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Backtesting the ALLL – what is backtesting?

Posted by Sageworks

Given the increased regulatory scrutiny over the allowance for loan and lease losses (ALLL) in the past several years, regulators, auditors and senior management are all looking for additional ways to measure the effectiveness of the bank or credit union’s ALLL methodology. The OCC’s 2011 Supervisory Guidance on Model Risk Management specifically states, “Model risk should be managed like other types of risk,” highlighting the criticality of some form of outcome analysis.

The objective is to ensure the ALLL methodology is accurate in measuring the losses inherent in a bank’s portfolio over the subsequent 12-month period. This time horizon may shift somewhat as the FASB’s CECL proposal and the life of loan concept takes hold, but regardless of any forthcoming changes, the request for measuring the effectiveness of a methodology, or backtesting ALLL models, will continue in some fashion.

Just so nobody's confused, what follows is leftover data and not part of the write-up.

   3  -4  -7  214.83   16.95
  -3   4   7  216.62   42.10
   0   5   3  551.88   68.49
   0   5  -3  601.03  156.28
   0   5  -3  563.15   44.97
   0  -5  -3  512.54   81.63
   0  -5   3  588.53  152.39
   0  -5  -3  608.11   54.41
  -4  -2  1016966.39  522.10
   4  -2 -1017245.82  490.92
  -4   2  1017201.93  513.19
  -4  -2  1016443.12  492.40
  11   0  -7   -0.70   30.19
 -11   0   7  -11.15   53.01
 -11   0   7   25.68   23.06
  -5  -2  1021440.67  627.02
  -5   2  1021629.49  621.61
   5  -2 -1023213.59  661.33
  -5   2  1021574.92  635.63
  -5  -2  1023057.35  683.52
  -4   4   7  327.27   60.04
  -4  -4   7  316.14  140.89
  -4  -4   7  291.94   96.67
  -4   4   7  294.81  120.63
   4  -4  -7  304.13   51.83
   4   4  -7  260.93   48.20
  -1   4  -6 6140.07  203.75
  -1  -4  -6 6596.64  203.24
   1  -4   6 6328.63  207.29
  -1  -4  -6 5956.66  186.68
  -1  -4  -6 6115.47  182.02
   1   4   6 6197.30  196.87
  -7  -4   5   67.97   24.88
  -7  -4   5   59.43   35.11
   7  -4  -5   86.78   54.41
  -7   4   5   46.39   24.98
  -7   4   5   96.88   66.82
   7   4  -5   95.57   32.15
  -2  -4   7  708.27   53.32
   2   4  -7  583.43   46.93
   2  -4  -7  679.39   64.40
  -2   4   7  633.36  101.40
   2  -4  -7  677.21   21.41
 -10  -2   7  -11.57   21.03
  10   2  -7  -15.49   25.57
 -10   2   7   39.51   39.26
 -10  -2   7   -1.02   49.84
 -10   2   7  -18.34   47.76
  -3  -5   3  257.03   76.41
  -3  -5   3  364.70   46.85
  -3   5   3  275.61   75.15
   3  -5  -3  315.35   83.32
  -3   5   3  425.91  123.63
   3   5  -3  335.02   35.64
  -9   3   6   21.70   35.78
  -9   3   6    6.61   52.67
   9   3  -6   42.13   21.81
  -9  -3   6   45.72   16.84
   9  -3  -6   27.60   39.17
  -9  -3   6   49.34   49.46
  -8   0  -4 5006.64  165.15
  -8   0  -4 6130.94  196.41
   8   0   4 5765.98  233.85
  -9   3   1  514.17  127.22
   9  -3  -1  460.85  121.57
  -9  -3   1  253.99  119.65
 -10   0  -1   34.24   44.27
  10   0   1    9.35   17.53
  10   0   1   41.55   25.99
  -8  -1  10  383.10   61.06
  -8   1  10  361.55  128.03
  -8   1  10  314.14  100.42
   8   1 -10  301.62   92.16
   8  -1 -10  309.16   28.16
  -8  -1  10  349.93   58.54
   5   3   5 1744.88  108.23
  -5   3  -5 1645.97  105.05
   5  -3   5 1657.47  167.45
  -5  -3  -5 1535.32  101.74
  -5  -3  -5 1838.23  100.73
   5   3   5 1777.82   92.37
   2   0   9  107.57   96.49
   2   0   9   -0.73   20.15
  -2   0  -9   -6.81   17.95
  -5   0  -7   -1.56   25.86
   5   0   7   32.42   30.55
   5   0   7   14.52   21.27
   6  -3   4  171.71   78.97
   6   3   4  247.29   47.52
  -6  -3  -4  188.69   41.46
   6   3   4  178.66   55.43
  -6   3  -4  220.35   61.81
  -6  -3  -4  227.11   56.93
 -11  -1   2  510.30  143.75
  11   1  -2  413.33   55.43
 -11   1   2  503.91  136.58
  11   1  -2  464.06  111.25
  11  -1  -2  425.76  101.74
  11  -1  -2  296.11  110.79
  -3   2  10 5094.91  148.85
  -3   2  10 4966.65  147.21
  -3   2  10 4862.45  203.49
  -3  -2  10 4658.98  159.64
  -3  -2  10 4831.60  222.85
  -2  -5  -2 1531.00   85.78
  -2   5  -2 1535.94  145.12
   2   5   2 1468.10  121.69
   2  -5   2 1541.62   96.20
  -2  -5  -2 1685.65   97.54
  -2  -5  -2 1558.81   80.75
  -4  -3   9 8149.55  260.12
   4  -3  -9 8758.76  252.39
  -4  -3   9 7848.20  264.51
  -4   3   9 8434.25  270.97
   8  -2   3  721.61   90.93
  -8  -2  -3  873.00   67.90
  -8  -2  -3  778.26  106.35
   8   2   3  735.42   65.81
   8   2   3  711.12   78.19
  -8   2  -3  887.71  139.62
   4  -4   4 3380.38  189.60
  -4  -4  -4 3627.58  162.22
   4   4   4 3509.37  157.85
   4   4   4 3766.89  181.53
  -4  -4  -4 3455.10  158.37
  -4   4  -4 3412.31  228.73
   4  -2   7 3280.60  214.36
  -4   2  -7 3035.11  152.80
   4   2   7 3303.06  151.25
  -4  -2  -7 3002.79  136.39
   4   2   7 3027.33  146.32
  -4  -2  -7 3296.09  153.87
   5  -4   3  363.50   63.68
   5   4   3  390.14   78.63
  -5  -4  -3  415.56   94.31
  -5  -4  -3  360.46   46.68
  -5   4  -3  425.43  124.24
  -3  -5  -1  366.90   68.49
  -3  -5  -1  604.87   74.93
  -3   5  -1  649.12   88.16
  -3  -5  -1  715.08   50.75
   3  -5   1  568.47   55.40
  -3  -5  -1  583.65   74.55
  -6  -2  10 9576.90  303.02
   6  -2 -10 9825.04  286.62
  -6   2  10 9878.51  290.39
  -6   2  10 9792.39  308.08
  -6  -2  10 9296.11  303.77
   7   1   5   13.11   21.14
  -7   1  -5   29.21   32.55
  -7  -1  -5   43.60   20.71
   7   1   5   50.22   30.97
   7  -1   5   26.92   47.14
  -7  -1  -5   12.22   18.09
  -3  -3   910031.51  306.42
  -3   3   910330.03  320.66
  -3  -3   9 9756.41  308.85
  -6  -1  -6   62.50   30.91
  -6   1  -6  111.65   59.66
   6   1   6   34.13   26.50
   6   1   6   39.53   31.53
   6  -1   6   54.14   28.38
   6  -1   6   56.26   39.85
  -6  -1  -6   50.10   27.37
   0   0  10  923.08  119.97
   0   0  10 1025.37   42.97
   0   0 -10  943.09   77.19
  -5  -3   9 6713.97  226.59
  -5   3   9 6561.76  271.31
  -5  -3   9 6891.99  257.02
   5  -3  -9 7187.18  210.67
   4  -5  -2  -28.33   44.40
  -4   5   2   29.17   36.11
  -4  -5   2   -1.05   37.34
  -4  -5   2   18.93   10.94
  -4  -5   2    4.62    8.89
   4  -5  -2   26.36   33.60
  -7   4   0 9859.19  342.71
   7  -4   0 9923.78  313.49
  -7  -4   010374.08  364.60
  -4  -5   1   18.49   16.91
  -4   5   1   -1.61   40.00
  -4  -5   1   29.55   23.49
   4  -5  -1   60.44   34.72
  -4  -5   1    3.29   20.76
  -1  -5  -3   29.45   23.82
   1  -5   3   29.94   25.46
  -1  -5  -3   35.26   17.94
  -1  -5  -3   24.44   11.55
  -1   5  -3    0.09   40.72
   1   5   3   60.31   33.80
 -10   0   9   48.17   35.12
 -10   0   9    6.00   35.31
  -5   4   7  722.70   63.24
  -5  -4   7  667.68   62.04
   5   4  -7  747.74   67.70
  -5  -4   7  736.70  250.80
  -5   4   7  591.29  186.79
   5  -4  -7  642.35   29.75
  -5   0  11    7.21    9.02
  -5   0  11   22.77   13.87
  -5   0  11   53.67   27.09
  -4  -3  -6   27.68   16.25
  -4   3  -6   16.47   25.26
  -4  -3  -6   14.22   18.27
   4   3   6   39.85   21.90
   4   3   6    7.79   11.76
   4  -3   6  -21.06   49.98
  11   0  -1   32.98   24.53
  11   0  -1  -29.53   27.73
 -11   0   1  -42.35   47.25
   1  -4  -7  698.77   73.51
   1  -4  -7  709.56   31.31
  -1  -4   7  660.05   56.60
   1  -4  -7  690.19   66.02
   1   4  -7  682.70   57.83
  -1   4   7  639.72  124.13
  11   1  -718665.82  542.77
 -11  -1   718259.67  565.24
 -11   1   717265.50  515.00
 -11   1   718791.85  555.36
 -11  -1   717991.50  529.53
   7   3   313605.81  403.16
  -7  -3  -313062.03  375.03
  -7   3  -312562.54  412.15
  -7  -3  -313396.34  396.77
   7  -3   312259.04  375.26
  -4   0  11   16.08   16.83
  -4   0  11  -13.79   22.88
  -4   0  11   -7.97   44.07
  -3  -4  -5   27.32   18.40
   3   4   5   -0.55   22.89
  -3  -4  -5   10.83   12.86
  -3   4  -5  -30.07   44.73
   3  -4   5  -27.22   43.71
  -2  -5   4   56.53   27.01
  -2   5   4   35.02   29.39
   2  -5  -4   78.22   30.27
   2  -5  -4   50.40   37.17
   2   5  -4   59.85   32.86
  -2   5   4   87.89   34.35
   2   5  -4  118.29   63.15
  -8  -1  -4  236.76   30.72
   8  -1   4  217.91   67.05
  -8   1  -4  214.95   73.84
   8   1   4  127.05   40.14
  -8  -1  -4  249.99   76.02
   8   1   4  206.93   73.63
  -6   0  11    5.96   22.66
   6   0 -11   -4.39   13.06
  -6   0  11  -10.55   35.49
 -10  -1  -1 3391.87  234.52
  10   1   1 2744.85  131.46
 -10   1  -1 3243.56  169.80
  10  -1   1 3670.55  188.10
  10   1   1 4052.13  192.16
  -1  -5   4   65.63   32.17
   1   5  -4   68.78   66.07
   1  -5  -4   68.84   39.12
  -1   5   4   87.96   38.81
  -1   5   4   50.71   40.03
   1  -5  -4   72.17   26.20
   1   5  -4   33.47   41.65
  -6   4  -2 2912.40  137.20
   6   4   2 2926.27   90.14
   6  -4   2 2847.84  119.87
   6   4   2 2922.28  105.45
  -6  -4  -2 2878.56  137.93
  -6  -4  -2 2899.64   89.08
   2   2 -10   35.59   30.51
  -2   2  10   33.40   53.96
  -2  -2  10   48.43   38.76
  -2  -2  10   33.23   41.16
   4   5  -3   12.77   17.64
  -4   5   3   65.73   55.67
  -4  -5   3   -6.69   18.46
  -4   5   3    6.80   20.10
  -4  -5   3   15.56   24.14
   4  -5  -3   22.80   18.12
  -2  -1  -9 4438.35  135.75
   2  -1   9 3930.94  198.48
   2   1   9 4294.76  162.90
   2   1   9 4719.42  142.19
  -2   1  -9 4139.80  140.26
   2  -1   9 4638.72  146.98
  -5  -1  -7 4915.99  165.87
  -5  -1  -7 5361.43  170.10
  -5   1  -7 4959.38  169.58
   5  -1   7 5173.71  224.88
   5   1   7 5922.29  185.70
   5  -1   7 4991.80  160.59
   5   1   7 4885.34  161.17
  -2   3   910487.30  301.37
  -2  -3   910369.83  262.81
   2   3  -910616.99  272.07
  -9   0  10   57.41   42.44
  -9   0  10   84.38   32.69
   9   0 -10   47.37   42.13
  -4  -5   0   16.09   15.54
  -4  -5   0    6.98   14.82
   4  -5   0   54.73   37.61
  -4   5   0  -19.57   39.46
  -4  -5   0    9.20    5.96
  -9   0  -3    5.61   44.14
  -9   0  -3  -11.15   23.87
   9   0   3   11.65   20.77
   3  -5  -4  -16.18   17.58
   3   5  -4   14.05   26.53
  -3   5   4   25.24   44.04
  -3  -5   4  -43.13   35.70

Backtesting is an exercise that compares the actual outcome with model forecasts during a defined period, a period of time that was not used to develop the methodology. A good starting point for any measure of efficacy is backtesting a reserve methodology on the portfolio.

To learn more about backtesting, view our webinar on Backtesting your ALLL methodology

tags: ALLL methodology, backtesting, bank regulations, CECL model